MARGARET CHO with opener LIAM SULLIVAN at Massey Hall (178 Victoria), Friday (April 4), 8 pm (doors 7 pm). $29.50-$49.50. 416-870-8000, 416-872-4255. Rating: NNNNN
It’s the day after the breaking of the Spitzer scandal
, and Margaret Cho is checking out the Empress Club website.
“It’s research,” she tells me, from her L.A. home. Her mouse clicks faintly. “They’re just so expensive! $31,000 a day. That’s an awful lot of money for women who have no heads.”
The punchline gets a laugh, and I can hear her pleasure. Maybe the joke will make it into her new show, which hits Massey Hall Friday.
“I totally wish I had thought to charge when I was younger,” she continues, not missing a beat. “I want to be able to bill people now.”
Cho, of course, has never shied away from discussing any kind of sexuality – her own or that of anyone else around her. So count on lots of salacious stories in the new show, Beautiful, which sports a less raunchy and in-your-face title than her previous tours like Assassin or The Notorious C.H.O.
“I wanted a title that contrasted with the material,” she tells me. “It’s pretty sexually graphic and really dirty and crazy and raunchy, so I thought the word ‘Beautiful’ would be funny.”
Funny maybe. But the title also brings back a shocking memory. A few years ago, a DJ asked the stand-up what it would feel like if she woke up one morning and was beautiful.
“I was thinking, ‘What do you mean if?’” she says. “And he said, ‘What if you woke up and you were blond and blue-eyed and you were 5-foot-11 and weighed 100 pounds. You’d be beautiful. What would you do?’
“And I said, ‘Well, I probably wouldn’t get up, because I’d be too weak to stand. And that’s really horrible that you think only that kind of person is beautiful. It’s really sick. I want everybody to feel beautiful.’”
Take that, asshole.
It’s taken Cho years to get to this point of self-love and acceptance, as she’s chronicled in earlier works like I’m The One That I Want.
“I feel much more confident and good about myself as I get older,” she says. “When I was younger, I felt invisible. If you’re a woman, if you’re Asian-American and if you’re queer, you really have no kind of role model or way to feel included by society. We’re not out there. Our visibility is nil.
“Even though I grew up in San Francisco, which was very Asian, if you looked at the media you didn’t see yourself at all. So I had a lot of insecurity about my looks and my weight, and all that was exacerbated by going into entertainment, where I was considered too fat for roles and it was really hard to get a job. People had these weird standards of beauty, especially for Asian-American women.”
That empowerment shtick might sound trite and obvious these days, but Cho walks the walk. She and actor Kal Penn have recently become Barack Obama surrogates, speaking at events in place of the presidential hopeful. And she’s still pretty unique. The audiences at her shows – lots of queers, women, minorities of all colours – don’t see many others representing them.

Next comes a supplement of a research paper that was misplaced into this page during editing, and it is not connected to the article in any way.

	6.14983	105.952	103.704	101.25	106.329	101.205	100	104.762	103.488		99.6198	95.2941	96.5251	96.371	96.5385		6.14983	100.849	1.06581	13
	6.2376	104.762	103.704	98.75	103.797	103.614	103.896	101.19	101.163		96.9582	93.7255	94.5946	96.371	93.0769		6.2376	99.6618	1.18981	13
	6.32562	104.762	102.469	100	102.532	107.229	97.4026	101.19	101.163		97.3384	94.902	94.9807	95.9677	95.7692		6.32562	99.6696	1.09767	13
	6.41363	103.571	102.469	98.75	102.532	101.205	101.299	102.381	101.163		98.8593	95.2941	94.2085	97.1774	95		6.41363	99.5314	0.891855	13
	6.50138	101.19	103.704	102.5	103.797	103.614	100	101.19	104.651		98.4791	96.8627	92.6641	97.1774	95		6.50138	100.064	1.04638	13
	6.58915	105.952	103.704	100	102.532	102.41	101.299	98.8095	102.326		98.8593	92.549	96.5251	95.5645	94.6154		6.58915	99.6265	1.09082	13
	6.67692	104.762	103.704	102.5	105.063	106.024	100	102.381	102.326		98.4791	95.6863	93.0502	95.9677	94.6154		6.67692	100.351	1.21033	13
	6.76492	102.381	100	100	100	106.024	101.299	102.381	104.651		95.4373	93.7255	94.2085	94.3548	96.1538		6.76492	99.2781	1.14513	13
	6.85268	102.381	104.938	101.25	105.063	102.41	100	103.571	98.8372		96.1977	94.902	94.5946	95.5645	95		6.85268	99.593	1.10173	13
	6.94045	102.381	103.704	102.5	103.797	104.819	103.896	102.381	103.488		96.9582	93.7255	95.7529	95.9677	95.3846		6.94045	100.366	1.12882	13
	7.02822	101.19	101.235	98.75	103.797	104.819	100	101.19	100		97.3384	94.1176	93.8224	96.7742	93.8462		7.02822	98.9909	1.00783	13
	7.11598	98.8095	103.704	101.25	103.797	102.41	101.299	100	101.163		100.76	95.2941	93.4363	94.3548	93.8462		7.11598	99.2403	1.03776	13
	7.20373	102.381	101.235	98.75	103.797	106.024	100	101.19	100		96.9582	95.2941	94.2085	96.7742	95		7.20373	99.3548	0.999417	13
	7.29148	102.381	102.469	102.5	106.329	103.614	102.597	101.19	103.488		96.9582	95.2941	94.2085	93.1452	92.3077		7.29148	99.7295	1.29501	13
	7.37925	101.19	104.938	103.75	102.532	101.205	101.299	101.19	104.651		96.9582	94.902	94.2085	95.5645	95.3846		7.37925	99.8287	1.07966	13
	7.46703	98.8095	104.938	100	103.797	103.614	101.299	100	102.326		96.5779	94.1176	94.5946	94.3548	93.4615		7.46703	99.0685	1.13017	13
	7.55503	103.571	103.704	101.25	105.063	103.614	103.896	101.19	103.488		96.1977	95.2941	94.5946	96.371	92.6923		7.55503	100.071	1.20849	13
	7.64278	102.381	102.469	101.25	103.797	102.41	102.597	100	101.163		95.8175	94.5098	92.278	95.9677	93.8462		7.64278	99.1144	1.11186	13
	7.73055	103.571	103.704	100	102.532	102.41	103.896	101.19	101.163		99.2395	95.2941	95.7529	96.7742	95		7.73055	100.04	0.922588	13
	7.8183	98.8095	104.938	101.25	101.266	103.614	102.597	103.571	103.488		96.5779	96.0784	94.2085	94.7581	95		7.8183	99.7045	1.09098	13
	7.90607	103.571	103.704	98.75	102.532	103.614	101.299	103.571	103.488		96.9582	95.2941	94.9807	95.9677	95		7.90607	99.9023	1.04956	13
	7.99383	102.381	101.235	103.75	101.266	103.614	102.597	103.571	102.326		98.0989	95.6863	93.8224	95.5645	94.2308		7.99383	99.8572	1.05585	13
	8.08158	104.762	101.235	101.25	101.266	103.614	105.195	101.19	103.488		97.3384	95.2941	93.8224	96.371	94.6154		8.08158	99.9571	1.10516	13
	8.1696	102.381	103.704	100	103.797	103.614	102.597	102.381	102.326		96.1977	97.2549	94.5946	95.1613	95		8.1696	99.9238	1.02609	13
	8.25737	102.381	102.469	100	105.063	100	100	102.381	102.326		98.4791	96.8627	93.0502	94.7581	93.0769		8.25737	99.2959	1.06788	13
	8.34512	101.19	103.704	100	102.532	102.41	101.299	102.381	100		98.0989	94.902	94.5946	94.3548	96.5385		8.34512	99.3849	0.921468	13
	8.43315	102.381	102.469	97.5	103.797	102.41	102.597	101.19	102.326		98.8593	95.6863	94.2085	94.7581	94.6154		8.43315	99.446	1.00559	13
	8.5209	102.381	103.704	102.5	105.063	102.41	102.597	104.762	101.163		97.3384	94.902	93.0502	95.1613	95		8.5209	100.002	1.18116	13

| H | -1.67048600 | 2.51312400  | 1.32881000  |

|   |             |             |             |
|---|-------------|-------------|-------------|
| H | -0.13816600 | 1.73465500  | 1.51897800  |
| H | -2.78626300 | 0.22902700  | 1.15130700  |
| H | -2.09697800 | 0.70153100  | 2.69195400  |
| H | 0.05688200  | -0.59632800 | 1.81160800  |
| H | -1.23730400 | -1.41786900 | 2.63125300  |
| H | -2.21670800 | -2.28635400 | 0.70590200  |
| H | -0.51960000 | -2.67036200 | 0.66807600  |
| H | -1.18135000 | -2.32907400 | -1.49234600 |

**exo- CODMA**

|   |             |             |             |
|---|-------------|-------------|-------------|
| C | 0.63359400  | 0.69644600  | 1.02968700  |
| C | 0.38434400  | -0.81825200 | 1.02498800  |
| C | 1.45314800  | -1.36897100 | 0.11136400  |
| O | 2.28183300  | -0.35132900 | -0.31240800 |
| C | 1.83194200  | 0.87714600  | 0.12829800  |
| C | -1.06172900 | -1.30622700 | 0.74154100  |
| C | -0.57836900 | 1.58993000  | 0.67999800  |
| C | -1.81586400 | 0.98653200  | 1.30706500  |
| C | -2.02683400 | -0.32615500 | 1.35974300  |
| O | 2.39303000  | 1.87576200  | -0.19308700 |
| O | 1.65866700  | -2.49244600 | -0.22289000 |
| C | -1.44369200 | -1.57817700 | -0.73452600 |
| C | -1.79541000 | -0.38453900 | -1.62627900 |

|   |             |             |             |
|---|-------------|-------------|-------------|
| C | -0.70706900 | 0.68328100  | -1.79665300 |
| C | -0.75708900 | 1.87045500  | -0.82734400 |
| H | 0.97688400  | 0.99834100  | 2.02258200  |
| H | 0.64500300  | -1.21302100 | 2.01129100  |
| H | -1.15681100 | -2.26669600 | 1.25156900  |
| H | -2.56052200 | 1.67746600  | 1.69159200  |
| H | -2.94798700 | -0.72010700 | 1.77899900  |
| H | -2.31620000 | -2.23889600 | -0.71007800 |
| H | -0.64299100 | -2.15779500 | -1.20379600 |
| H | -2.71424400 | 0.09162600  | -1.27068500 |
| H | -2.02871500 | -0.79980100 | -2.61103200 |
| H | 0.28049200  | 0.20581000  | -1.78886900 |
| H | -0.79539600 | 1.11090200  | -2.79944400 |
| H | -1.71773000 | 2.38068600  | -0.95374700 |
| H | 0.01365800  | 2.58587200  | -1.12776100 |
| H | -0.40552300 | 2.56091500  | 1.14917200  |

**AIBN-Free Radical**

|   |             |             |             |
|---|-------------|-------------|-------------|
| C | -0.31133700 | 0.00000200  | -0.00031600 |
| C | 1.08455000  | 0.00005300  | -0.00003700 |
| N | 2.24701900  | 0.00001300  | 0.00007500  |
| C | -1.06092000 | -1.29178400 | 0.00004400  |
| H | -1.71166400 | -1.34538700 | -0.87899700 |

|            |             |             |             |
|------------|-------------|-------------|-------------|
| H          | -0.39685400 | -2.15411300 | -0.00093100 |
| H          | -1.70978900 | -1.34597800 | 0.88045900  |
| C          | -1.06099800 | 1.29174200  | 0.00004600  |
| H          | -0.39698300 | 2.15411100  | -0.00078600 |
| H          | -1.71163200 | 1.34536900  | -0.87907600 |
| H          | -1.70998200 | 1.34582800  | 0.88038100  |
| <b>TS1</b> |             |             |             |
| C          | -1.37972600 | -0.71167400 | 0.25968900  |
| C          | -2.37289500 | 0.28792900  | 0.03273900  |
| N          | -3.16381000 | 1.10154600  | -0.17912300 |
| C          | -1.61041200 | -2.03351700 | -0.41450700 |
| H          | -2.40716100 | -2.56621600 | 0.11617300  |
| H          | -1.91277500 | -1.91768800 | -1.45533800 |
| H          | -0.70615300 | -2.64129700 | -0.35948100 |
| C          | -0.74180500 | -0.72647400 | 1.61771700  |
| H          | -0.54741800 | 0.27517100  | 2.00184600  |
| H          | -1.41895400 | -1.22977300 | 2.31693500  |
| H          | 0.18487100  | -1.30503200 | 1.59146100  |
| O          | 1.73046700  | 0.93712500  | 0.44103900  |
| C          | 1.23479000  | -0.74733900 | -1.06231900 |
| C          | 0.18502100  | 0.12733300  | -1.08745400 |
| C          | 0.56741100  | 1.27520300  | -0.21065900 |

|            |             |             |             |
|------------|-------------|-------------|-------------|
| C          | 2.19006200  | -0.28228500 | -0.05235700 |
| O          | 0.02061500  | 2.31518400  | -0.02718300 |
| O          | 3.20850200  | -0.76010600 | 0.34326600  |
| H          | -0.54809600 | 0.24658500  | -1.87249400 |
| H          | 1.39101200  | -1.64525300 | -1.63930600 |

For instance, can you name another high-profile female Asian comic?
“There’s Kate Rigg, who’s wonderful,” says Cho. “But I think a lot of im-migrant families have a hard time letting their children go into the arts. A lot of my friends who are Asian-American don’t even get started in their career in the arts until they’re into their 30s. They pleased their parents by going to graduate school.”
Things might change after Cho’s reality show, The Cho Show, hits the VH1 airwaves some time this year. It’ll follow the comic – and her mom, famous from the comic’s routines – while they do their thing.
“You know what’s amazing?” she tells me. “I brought the first Asian-American family to TV over 13 years ago,” she says, referring to her groundbreaking All-American Girl. “And now I’m bringing the second Asian-American family to TV.”
Now, that’s funny – and kind of sad.
Additional Audio Clips
On turning 40 this year:
On how All-American Girl would do today:
Sullivan’s really big Shoes
The Beautiful Tour marks the first time Cho’s opening act has his own cult following. L.A. sketch comic Liam Sullivan is a bona fide Internet star via his YouTube and iTunes videos featuring his alter ego, Kelly.
Liam Sullivan’s alter ego, Kelly, goes looking for Shoes.
Sullivan’s Shoes video, starring the “betch-slapping” blond-wigged rebel grrrl, has had more than 40 million YouTube views. A video of Kelly wanting to borrow a neighbour’s top isn’t far behind in popularity.
“Kelly’s kind of a mix of all kinds of women I’ve known over the years,” says Sullivan on the phone from L.A. “She started out with a voice. I started telling people to shut up in the voice, and it sounded funny. But she didn’t work without the look. An ex-girlfriend of mine let me borrow her wig. I gave Kelly striped tights. I didn’t want to look like a man in a wig. I wanted to look like a teenage girl as best as I could.”
Yes, you heard that right. Ex-girlfriend. He’s straight.
“Man, if I were gay, touring with Margaret would be the best life,” he jokes. “But I’m a comedian. I happen to have this sensibility. I think it was hard-wired into me. I’m going to do with it what I should.”
Sullivan says our own Kids in the Hall were a defining influence on his comedy.
“They were so different than anything I’d seen before, doing all the characters, breaking down that fourth wall, doing monologues, little films and live sketch.”
Sullivan has plans to expand his act, both online and on TV.
“I’d love to do a TV show where they let me do what I wanted,” he says. “I don’t know if I can get that kind of deal. I think you need clout to get that.”
In the meantime, there’s the tour. Some audiences are showing up in Kelly costumes.
“And it’s not just girls or gay men!” he says. “A couple of weeks ago there was a guy with his girlfriend, and he was dressed up as Kelly.
That was amazing.”
On how he met Cho:
On future videos:
Kelly's Let Me Borrow That Top:
Kelly's Hollywood Meeting: